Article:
We send our kids here to school to get educated and we trust the teachers and want them to feel safe,” she said. “When you get a picture like that you don’t trust the school. You don’t want your kid coming back here. It shows what they think about us. Even if it was a joke and it wasn’t supposed to surface and it did, it backfired. You’re not supposed to be joking about stuff like that. Because still to this day it happens.”

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Texas Teacher Continued To Teach Her Students From Her Hospital Bed Until She Died From COVID-19

Things That Matter

Texas Teacher Continued To Teach Her Students From Her Hospital Bed Until She Died From COVID-19

Blancas Family / GoFundMe

For so many of us, our teachers are our heroes. They help make sure we have a safe place to come to, to learn in, to express ourselves. Teachers have helped shape so many of us into the people we are today.

That was the work that one El Paso teacher was doing all the way up until the very end. Unfortunately, she’s passed away after battling COVID-19, however, thanks to her compassion and commitment to education, her memory will live on for a very long time.

An El Paso teacher behind heartwarming viral video dies at 35 of COVID-19.

Zelene Blancas was a kind soul who shined positivity on everyone she meant, according to so many of those who knew her. Unfortunately, like so many other Americans and people around the world, Blancas recently lost her battle against COVID-19.

The first grade bilingual teacher from El Paso, Texas had gone viral for her positive vibes just two years ago in a video shared to YouTube of her students giving each other hugs and high-fives.

Blancas, who taught at Dr. Sue Shook Elementary School, died of COVID-19 and passed away this week, former Socorro ISD colleague Patty Flores shared on social media. In her social media post, Flores said she and Blancas worked together as fourth grade bilingual teachers.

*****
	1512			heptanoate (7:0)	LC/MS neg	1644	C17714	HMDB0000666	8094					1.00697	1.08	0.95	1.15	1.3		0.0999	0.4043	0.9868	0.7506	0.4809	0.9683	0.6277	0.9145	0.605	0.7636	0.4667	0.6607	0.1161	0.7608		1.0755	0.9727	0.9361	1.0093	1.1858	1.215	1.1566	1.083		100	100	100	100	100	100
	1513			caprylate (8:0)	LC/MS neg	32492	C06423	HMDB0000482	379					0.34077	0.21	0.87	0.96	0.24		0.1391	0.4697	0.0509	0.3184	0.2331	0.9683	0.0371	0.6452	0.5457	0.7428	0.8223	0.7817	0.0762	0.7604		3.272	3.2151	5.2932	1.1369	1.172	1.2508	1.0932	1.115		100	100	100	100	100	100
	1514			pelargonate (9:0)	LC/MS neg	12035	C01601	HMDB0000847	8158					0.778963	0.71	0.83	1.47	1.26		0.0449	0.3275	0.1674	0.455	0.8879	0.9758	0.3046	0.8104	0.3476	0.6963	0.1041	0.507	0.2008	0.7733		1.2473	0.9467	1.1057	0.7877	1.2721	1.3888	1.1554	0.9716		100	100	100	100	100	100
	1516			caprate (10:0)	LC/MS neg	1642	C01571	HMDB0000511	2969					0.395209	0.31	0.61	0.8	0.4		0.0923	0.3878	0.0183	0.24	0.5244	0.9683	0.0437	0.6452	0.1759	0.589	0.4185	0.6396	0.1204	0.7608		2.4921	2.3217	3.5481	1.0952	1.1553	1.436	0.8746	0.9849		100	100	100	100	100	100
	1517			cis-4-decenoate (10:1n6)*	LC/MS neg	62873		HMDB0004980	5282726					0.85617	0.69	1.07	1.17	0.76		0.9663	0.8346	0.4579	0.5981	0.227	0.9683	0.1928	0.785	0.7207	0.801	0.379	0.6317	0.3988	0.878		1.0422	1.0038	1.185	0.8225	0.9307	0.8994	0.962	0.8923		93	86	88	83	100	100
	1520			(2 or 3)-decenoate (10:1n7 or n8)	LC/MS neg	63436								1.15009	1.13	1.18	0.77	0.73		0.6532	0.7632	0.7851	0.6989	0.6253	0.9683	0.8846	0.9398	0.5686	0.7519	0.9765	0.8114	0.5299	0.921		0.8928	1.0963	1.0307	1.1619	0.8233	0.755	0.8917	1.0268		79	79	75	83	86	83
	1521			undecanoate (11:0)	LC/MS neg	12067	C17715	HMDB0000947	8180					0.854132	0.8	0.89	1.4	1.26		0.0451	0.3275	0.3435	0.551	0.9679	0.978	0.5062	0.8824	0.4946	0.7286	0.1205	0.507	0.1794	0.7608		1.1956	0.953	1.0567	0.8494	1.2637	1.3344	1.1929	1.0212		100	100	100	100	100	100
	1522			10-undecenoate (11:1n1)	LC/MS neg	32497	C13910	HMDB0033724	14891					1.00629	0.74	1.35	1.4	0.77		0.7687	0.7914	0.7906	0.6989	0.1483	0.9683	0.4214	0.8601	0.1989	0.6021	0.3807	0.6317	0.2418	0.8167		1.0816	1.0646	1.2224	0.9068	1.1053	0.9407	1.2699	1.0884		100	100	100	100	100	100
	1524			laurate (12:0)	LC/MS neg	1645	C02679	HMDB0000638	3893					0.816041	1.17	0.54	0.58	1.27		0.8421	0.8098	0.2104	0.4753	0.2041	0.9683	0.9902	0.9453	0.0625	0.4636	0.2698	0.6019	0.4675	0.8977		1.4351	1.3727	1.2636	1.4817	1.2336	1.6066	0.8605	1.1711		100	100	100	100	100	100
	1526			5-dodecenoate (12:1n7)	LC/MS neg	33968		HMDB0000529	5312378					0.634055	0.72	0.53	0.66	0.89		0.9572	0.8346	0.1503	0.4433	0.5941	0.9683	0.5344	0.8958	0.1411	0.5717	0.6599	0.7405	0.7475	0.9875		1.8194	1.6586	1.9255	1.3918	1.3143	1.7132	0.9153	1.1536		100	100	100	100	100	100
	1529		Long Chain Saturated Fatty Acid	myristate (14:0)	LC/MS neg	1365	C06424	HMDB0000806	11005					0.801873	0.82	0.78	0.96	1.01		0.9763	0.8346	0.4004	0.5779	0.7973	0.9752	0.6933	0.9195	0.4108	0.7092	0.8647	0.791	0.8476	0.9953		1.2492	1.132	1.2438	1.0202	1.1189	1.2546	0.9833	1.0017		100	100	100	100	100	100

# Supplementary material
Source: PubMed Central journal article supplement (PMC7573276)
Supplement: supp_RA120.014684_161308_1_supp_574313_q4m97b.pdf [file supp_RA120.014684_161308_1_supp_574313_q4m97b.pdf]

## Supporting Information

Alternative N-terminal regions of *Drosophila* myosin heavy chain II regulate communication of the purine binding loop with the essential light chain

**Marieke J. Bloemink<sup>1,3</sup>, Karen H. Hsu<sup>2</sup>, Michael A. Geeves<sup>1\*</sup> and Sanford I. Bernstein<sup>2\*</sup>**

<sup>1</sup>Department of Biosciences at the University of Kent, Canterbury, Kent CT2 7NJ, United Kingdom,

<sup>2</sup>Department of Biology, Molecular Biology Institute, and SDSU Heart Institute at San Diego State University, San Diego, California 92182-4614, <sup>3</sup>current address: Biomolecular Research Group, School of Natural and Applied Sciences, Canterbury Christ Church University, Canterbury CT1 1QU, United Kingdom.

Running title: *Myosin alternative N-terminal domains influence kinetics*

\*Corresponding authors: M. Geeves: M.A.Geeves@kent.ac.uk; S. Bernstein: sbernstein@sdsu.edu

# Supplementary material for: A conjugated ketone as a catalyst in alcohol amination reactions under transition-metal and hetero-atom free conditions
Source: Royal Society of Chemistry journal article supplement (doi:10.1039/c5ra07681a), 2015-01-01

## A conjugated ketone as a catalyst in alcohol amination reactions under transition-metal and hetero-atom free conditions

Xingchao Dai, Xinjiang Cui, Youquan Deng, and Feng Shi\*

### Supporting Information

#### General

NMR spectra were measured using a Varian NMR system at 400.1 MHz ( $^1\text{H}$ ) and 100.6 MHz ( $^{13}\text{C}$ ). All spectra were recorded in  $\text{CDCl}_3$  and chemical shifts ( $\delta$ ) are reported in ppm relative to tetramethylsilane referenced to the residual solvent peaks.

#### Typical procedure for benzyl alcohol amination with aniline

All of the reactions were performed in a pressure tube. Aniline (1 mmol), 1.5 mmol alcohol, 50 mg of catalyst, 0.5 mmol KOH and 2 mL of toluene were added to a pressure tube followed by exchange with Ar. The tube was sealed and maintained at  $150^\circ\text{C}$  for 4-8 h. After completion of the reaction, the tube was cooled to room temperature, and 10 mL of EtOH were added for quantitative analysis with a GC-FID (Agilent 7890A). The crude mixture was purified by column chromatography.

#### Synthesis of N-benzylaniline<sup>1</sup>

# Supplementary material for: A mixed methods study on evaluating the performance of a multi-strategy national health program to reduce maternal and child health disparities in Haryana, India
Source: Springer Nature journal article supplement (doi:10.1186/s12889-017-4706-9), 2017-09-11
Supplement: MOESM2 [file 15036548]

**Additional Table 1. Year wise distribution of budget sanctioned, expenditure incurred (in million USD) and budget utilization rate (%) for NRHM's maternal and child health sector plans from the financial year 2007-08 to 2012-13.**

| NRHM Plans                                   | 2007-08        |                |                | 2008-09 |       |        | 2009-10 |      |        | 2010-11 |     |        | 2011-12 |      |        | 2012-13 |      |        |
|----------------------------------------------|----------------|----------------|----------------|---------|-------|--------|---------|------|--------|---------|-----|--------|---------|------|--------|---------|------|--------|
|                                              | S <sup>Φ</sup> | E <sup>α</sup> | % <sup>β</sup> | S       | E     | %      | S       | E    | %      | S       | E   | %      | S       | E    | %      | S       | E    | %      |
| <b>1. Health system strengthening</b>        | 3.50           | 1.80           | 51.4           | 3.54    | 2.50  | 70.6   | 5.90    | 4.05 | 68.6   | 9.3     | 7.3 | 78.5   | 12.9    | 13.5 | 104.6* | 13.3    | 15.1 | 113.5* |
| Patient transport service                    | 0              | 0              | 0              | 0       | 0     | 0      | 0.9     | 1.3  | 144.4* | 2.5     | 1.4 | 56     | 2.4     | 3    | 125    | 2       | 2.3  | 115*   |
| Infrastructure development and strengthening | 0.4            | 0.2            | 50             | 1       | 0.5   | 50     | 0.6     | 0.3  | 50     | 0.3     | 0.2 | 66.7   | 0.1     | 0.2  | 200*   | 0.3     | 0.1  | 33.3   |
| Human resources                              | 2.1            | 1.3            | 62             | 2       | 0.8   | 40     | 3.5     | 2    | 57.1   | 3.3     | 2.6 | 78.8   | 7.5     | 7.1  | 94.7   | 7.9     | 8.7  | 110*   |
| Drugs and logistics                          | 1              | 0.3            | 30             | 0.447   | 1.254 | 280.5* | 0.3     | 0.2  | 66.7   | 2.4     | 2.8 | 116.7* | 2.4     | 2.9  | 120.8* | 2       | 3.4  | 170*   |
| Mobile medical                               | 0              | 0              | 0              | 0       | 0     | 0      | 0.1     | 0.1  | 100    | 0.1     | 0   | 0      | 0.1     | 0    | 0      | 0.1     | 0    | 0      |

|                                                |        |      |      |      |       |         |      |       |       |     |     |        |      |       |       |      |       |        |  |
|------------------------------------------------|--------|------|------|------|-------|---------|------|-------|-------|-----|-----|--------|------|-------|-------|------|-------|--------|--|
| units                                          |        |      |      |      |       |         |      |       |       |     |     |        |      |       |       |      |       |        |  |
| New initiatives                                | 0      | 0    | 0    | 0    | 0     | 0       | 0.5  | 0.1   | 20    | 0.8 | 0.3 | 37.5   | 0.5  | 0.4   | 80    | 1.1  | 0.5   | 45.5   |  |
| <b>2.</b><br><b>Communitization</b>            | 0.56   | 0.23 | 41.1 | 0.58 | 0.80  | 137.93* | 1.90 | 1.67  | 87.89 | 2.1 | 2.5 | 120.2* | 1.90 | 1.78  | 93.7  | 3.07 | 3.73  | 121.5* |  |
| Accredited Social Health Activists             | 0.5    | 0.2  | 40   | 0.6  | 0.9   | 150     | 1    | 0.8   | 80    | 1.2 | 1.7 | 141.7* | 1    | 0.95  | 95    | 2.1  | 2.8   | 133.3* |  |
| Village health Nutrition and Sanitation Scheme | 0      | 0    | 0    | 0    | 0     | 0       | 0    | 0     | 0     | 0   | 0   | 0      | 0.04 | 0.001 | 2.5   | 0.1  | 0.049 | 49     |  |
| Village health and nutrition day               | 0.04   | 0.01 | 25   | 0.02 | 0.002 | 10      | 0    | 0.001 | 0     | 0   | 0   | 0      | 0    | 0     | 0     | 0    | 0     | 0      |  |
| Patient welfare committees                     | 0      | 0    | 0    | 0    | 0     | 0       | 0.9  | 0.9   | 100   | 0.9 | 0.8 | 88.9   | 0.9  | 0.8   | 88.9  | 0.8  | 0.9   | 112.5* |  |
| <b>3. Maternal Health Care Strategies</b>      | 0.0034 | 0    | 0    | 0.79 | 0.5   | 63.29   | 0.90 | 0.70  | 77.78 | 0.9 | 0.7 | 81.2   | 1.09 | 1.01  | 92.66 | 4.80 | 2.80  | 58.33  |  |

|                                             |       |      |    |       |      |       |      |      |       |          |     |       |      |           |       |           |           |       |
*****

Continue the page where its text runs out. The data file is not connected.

“Ms. Blancas was a dedicated teacher who loved her students and provided a positive, loving environment for them. She had a light that shined from within and was a positive influence on all those around her,” Flores said. She added, “She was my colleague and friend and simply a beautiful person all around. She will be greatly missed but her legacy of kindness, love and joy will carry on with all those who were blessed to have known her.”

According to a GoFundMe page seemingly started by her family to raise money for her treatment, Blancas tested positive for COVID-19 on Oct. 20, had to be hospitalized on Oct. 24 and was placed in the intensive care unit. The GoFundme page had raised $33,226 of its $15,000 goal with almost 1,000 donors to the campaign as of Monday.

Blancas and her class had gone viral in 2018 for a video posted to YouTube.

In 2018, Blancas and her students went viral for a video showing Blancas’ students giving one student high fives, hugs and handshakes. The video quickly racked up the views and had received more than 13.6 million views in November 2018 and had 22.2 million views as of last week.

According to a prior story written about the viral video in the El Paso Times, the video showed an example of a new educational initiative at the time called social-emotional learning, which teaches young students how to cope with their emotions, handle conflict and develop interpersonal skills. 

One student was chosen at random to be the recipient of friendly greetings and classmates chose one of four greetings from a set of four greetings pictured on an adjacent wall.

As the students left for the day, they lined up and chose which greeting to give the selected student, allowing students to feel in control of greetings they receive and allowing them to go home happy, Blancas told the Times.

“I want them to go home feeling like I’ll be waiting for them here the next day, or for them to feel like they’ll have a safe place to come back to and learn in a safe environment,” Blancas said two years ago.